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Your total debt is equal to your total non-credit debt (student loans, car loans) + your total available credit. This is the truth of the "low balance" fear from lenders that you had heard about.

Your credit utilization is across all of your cards. So if you have two cards, both with 15K limits and one is maxed out and one is empty, that is 50% utilization. If you have both cards with 7.5K balances, that is also 50% utilization.

For the 8 cards that are paid off and still open, after you buy a house, I'd close any cards you aren't using. Not everyone will agree with this.

If possible, I would close the 8 cards now and pay off the 15K balance before buying a house. If it's hard to pay it off now, it will be harder when you have a mortgage and home maintenance costs.

If you want to buy the house before you pay off all of your credit card debt, I'd still close the 8 cards that are already paid off and pay down your last card to 4K (or less) to get under 25% utilization.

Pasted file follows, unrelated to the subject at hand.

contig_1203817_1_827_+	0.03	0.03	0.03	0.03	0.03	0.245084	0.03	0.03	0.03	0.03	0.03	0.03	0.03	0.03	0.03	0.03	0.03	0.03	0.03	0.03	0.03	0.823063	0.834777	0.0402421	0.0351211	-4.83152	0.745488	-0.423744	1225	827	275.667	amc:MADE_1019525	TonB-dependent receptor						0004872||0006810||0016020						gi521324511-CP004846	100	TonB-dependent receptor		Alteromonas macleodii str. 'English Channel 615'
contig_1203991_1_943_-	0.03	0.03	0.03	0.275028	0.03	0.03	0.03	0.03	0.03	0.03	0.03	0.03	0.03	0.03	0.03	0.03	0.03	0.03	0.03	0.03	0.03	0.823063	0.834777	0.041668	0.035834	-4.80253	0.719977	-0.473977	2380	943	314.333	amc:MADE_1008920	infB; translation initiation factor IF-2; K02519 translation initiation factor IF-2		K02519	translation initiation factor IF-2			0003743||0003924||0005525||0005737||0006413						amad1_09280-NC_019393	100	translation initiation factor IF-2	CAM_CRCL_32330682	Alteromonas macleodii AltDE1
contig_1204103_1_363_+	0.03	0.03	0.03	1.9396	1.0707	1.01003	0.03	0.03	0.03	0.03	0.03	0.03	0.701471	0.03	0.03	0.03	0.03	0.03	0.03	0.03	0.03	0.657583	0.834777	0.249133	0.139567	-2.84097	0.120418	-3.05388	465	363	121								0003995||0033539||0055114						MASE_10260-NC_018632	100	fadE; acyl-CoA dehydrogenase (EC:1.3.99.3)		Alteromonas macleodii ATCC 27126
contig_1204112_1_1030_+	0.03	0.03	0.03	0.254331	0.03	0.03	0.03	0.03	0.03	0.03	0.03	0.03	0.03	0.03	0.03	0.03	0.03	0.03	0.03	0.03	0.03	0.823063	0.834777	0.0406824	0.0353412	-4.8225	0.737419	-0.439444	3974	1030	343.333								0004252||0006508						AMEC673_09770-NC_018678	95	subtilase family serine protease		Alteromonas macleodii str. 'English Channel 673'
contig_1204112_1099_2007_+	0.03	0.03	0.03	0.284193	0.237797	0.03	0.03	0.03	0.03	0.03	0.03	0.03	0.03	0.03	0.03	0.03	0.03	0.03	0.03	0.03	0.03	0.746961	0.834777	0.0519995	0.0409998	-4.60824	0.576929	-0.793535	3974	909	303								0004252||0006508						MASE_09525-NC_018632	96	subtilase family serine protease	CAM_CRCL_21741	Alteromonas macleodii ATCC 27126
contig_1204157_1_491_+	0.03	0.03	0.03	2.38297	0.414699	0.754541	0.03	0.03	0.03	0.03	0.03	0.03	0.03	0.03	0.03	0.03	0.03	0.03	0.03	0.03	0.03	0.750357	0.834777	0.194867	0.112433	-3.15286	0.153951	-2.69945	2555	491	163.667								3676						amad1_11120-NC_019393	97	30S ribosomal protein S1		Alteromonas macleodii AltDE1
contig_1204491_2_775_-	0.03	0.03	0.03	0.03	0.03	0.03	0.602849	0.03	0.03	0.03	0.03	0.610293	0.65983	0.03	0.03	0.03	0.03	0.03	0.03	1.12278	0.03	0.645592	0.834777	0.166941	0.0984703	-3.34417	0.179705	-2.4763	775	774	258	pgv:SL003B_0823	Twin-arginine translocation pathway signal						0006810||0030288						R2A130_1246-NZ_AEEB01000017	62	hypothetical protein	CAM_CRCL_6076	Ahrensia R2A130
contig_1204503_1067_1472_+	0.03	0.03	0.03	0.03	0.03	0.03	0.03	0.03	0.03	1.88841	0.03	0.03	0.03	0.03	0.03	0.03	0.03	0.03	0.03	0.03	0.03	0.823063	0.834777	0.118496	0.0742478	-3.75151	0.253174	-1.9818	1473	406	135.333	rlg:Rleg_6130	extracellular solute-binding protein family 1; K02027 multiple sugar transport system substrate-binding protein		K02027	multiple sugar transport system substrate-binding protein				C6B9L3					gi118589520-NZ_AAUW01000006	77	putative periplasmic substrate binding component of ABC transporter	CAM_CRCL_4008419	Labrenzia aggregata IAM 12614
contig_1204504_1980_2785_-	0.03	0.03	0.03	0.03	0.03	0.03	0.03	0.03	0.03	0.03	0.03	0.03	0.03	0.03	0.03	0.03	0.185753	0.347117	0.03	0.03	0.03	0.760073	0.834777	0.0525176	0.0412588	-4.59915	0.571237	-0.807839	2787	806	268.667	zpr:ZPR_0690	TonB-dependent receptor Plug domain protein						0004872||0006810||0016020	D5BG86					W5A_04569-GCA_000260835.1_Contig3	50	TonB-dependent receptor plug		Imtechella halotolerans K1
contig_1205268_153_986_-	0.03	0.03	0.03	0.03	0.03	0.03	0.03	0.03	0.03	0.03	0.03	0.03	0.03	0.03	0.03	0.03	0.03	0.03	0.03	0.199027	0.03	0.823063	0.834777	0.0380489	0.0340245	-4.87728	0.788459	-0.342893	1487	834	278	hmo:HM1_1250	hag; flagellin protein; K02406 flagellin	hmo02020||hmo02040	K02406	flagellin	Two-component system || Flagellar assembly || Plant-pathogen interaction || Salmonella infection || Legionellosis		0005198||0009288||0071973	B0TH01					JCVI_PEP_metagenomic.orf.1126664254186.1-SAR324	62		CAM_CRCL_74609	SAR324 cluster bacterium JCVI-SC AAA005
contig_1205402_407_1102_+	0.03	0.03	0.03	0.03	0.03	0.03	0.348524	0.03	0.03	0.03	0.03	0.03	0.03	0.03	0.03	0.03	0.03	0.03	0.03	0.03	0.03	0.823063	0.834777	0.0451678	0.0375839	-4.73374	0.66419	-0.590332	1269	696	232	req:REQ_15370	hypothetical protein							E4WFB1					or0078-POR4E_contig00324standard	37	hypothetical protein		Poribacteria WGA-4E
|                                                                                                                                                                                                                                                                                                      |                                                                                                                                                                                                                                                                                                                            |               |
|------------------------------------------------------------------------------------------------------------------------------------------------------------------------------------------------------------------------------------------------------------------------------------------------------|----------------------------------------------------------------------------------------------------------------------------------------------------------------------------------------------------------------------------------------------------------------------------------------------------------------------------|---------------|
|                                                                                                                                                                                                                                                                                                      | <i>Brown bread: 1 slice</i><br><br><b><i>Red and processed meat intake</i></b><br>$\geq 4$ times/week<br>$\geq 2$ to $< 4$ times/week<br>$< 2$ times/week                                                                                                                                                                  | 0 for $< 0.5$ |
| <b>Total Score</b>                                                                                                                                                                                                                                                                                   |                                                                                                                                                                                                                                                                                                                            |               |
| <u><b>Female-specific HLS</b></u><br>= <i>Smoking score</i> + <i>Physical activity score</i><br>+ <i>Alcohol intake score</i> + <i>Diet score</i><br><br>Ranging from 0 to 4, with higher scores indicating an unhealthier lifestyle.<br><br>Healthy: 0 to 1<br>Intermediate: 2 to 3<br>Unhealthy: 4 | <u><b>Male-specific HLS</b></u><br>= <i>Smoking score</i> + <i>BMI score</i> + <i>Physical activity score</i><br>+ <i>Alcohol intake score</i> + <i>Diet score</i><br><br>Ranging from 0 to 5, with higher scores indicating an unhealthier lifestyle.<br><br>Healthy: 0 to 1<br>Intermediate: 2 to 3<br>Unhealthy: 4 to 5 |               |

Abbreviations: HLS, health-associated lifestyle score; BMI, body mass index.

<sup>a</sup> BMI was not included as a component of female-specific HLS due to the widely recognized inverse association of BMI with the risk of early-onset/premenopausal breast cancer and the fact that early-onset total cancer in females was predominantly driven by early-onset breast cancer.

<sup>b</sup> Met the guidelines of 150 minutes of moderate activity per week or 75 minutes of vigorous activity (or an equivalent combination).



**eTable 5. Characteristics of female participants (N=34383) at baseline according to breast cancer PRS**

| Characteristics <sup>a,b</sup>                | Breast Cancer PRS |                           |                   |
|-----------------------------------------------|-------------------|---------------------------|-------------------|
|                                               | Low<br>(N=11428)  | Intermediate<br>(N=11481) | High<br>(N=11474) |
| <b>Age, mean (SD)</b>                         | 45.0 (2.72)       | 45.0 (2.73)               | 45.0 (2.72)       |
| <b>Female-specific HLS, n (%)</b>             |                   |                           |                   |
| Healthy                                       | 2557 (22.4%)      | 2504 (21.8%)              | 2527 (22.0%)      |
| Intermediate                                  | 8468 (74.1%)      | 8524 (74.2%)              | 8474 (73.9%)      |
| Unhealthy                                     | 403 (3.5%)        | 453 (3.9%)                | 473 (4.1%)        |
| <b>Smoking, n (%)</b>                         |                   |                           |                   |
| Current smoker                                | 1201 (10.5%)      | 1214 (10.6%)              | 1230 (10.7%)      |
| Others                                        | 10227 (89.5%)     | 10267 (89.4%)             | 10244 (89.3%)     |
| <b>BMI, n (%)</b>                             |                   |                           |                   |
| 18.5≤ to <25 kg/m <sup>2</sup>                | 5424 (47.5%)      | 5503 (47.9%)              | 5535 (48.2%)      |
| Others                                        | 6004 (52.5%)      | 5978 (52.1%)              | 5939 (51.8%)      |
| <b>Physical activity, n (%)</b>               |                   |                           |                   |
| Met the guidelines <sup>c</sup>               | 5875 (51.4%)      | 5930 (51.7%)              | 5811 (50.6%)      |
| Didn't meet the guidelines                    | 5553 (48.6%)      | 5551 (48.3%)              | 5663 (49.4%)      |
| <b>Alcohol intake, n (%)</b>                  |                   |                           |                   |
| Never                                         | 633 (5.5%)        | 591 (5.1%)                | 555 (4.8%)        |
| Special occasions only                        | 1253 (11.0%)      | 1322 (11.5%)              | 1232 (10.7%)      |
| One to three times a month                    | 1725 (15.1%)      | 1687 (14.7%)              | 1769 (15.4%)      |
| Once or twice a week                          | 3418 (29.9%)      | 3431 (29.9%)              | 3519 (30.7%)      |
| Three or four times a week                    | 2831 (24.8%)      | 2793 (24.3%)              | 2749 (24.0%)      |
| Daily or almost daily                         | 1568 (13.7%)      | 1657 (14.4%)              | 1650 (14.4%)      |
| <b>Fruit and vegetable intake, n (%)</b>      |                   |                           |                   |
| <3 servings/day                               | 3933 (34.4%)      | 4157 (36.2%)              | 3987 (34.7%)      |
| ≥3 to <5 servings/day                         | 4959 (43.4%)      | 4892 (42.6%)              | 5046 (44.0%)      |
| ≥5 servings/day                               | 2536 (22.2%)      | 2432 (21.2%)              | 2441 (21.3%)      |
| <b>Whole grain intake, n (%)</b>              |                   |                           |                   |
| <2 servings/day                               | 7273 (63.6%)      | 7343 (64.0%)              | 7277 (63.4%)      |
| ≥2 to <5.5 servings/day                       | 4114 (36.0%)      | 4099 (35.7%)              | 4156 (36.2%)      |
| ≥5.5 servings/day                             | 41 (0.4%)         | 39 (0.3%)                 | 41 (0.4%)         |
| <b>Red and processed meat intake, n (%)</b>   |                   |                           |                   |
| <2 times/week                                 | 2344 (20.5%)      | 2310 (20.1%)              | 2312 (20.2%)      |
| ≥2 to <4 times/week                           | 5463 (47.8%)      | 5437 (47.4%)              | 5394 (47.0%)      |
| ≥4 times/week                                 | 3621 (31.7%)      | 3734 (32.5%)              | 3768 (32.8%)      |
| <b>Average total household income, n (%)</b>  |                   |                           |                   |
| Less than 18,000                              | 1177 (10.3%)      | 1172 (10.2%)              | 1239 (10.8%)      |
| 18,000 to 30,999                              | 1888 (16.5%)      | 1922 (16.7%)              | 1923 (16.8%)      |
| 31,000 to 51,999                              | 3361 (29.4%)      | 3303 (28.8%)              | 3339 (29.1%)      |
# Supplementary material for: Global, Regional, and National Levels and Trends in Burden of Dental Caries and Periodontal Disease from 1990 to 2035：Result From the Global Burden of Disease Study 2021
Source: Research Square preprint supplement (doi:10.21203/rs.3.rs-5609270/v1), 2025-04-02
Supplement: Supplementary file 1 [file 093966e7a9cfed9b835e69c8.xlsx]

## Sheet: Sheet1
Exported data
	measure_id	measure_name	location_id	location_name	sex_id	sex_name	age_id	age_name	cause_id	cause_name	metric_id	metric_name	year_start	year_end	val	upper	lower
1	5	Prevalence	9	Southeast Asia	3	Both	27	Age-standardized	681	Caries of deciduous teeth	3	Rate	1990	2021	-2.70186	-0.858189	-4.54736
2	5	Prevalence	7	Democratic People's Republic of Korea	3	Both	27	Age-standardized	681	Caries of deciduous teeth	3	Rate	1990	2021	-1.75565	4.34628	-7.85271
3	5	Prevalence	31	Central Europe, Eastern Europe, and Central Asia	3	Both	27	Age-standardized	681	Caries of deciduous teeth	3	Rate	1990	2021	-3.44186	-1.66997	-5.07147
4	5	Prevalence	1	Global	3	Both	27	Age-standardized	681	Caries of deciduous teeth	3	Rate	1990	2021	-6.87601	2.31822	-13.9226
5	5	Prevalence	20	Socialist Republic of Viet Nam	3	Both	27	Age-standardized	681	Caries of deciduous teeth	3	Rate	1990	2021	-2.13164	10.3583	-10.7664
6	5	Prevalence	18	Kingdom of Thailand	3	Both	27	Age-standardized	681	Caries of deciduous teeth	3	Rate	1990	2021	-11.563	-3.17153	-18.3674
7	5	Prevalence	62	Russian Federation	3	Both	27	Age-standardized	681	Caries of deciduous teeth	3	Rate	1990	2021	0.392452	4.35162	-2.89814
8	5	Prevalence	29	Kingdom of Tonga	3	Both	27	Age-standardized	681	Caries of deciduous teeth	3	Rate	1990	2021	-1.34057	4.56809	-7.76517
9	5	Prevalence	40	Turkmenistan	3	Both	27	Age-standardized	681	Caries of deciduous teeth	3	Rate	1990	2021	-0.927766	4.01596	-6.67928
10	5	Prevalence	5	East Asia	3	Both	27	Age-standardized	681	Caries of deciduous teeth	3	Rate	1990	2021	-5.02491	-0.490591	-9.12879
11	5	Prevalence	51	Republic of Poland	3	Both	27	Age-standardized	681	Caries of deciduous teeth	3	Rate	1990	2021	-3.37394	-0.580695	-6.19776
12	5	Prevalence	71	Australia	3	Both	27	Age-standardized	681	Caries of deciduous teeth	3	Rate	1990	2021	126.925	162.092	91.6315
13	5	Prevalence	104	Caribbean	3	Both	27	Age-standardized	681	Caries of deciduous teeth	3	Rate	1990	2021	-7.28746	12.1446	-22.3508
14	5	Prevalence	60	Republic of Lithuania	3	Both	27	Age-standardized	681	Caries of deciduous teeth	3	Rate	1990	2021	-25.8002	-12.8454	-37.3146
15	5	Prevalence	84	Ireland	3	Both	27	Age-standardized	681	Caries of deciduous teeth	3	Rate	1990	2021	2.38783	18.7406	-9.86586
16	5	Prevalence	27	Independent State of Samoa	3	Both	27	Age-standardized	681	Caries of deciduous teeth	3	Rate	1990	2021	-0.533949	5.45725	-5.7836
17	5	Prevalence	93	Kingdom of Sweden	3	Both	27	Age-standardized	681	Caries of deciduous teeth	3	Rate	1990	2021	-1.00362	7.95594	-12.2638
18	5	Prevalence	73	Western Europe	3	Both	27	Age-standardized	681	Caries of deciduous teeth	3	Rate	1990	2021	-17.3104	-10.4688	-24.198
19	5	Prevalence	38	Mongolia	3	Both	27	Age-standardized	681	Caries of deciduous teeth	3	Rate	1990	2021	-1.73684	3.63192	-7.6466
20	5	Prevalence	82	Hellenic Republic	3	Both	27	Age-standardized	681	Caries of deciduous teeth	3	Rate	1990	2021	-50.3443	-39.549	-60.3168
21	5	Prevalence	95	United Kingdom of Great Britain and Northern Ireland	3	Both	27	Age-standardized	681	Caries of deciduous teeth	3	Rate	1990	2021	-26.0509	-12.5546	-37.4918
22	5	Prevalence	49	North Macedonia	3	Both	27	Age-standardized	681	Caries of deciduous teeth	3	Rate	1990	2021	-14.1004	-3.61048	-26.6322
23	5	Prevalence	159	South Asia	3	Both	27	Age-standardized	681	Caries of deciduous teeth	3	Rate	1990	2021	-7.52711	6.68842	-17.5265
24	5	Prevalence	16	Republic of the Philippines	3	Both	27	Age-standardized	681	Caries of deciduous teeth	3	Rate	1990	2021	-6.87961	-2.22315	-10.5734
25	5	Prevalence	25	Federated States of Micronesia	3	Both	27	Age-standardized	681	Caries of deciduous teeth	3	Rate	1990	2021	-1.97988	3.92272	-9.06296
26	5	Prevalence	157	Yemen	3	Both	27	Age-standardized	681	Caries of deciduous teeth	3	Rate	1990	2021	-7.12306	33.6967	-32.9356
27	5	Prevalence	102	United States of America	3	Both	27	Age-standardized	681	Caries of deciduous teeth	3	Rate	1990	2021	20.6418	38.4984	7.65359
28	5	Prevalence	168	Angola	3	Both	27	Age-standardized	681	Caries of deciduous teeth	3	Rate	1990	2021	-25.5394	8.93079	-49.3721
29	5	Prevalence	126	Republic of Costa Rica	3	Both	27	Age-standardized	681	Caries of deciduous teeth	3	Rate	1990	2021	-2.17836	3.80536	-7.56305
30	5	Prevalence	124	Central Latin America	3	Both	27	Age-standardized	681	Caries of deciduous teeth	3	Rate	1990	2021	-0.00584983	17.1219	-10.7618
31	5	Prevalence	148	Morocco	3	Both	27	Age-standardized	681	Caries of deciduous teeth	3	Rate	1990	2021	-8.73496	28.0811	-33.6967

The credit rating bureaus do not publish exactly how a different utilization rate of credit will affect your score, but it is known that lower utilization will improve your score. FICO calls this "Proportion of credit lines used (proportion of balances to total credit limits on certain types of revolving accounts)"

Also, the longevity of your credit history is based on type of account (credit cards, car loans, etc.) so if you keep one credit card open, you still keep your long "history" with credit cards on your credit report. FICO calls this "Time since accounts opened, by specific type of account"

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That makes sense. So 25% of total revolving credit is what I should shoot for? Across the board, counting both our credit limits? –  JustinP8 Mar 14 '11 at 20:29
    
+1 but I would strongly consider keeping at least a couple few of the better cards open. Close those store cards or annual fee cards though. –  MrChrister Mar 14 '11 at 23:41
    
-1 Closing 8 accounts has absolutely no positive impact in getting a mortgage, and is more likely to have negative impact on credit score. –  duffbeer703 Mar 15 '11 at 0:30
    
@duffbeer703 Thanks for the feedback, Do you have a link that I can reference. I can't find anything that says having open, $0 balance accounts or closing $0 balance accounts makes a difference to credit score. The FICO page I referenced says the number of accounts with a balance affects your credit score, but doesn't discuss $0 balance credit cards. If there is no affect on your credit score, I'd close the accounts. –  Alex B Mar 15 '11 at 17:01